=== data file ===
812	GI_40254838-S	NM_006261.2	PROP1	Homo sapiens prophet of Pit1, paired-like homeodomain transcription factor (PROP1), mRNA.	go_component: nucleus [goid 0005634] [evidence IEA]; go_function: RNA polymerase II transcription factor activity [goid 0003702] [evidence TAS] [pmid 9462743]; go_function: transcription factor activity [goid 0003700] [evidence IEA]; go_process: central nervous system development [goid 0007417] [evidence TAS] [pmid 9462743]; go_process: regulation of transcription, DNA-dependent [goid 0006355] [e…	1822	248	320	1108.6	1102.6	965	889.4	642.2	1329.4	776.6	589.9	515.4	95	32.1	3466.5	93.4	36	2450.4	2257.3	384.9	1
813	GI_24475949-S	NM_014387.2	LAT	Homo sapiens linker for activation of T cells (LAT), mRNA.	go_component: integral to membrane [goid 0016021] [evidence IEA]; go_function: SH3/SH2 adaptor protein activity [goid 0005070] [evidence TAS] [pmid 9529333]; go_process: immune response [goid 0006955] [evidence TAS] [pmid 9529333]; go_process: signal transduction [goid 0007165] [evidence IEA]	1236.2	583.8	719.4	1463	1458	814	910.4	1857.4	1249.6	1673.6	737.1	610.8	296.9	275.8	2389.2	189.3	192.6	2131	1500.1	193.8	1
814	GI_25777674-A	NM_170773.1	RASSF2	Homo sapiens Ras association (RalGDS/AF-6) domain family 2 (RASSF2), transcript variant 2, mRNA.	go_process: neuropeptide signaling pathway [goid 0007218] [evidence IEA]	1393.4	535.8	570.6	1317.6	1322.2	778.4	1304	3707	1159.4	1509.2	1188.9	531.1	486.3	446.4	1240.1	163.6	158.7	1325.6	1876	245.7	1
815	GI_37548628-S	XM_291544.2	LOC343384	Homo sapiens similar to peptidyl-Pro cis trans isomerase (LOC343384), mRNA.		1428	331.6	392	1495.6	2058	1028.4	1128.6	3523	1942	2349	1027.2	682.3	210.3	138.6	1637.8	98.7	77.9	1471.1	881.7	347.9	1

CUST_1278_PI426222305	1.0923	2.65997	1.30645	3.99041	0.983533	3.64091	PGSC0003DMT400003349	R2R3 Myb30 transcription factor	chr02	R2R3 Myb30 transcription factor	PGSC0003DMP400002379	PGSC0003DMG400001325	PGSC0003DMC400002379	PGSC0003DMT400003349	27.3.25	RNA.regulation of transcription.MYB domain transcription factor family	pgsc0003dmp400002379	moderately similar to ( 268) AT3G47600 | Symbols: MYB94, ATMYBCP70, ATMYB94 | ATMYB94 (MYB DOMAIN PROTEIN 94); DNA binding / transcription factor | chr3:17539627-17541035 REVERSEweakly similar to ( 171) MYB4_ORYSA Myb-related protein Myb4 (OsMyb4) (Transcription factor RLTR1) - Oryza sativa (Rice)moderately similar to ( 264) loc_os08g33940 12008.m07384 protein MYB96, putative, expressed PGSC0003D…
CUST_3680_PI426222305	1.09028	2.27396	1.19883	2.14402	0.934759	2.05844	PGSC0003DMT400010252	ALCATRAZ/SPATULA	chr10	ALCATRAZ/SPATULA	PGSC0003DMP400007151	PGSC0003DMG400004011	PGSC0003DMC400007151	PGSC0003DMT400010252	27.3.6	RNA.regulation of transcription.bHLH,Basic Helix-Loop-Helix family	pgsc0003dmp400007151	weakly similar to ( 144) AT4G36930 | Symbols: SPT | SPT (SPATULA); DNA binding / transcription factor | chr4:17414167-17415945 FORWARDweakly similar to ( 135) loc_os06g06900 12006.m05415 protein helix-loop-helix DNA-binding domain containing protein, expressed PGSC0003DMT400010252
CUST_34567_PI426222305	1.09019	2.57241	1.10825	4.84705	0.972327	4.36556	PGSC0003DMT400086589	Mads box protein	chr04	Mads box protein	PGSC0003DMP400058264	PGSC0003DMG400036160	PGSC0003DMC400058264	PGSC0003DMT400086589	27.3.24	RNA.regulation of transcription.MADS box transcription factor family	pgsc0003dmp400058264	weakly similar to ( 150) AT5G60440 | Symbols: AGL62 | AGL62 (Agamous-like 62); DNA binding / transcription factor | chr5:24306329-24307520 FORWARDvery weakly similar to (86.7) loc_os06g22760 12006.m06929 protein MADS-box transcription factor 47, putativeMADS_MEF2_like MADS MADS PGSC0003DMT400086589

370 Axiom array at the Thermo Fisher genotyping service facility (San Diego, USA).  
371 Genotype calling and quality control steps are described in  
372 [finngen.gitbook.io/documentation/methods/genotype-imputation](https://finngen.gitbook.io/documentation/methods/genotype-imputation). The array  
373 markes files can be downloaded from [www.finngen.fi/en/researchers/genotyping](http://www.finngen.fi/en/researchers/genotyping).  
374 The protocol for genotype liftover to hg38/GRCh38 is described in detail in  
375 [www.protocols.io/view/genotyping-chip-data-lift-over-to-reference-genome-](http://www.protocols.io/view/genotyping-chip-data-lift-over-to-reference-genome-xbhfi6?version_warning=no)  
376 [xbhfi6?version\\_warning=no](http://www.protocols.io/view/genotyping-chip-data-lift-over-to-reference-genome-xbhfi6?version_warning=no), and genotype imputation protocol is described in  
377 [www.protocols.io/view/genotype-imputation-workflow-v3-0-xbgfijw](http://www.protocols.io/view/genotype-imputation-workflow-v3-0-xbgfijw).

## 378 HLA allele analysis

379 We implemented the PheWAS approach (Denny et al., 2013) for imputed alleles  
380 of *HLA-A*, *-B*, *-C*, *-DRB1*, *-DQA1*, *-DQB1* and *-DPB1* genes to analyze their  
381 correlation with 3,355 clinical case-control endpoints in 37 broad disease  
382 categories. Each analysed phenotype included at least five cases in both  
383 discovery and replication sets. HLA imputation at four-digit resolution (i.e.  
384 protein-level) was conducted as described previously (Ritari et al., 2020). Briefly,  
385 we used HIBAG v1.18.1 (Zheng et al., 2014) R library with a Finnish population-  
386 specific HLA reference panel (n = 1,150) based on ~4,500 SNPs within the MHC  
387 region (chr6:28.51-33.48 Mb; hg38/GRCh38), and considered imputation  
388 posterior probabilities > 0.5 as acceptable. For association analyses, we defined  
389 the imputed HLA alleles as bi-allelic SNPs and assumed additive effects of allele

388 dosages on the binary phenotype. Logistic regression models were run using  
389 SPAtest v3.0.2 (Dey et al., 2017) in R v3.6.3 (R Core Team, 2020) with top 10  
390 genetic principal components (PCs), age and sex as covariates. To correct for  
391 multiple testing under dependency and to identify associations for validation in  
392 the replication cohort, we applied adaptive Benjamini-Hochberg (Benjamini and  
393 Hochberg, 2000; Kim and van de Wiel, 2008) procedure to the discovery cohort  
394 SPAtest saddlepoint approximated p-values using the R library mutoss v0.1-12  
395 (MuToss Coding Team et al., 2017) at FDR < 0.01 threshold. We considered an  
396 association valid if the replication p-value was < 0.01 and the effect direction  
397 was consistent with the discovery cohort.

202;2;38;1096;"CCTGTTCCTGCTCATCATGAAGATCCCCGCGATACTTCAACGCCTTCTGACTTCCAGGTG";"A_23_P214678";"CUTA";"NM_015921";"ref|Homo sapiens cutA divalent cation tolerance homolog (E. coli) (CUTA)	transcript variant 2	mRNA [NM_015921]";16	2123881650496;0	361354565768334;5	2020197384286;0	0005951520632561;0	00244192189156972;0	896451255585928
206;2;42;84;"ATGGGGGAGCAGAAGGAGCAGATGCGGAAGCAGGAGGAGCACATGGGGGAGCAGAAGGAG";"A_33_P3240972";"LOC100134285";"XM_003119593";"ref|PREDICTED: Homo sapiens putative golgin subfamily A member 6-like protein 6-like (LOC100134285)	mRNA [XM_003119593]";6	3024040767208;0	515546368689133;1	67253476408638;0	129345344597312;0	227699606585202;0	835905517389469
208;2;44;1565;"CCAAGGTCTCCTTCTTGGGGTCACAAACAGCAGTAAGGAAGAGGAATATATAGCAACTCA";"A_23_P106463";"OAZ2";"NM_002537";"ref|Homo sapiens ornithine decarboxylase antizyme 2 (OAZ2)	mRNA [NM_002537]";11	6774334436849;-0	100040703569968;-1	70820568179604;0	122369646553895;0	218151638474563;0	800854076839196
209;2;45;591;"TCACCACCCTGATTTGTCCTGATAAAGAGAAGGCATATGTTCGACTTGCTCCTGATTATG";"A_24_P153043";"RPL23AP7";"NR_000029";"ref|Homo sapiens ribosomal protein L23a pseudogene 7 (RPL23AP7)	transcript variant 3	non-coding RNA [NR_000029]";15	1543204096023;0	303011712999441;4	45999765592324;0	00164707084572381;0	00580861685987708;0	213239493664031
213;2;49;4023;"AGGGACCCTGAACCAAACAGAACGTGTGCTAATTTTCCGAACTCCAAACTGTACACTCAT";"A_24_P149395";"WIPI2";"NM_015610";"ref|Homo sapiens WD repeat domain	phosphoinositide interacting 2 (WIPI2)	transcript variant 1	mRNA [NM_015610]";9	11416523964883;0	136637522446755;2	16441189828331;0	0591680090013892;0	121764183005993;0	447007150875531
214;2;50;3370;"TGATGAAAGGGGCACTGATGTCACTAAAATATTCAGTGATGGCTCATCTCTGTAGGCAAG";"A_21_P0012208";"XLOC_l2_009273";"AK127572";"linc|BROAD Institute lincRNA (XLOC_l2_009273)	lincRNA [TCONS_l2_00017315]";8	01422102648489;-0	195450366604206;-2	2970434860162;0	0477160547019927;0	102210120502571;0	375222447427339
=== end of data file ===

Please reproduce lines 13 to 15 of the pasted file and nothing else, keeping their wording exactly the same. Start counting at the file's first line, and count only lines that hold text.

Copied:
375 [www.protocols.io/view/genotyping-chip-data-lift-over-to-reference-genome-](http://www.protocols.io/view/genotyping-chip-data-lift-over-to-reference-genome-xbhfi6?version_warning=no)  
376 [xbhfi6?version\\_warning=no](http://www.protocols.io/view/genotyping-chip-data-lift-over-to-reference-genome-xbhfi6?version_warning=no), and genotype imputation protocol is described in  
377 [www.protocols.io/view/genotype-imputation-workflow-v3-0-xbgfijw](http://www.protocols.io/view/genotype-imputation-workflow-v3-0-xbgfijw).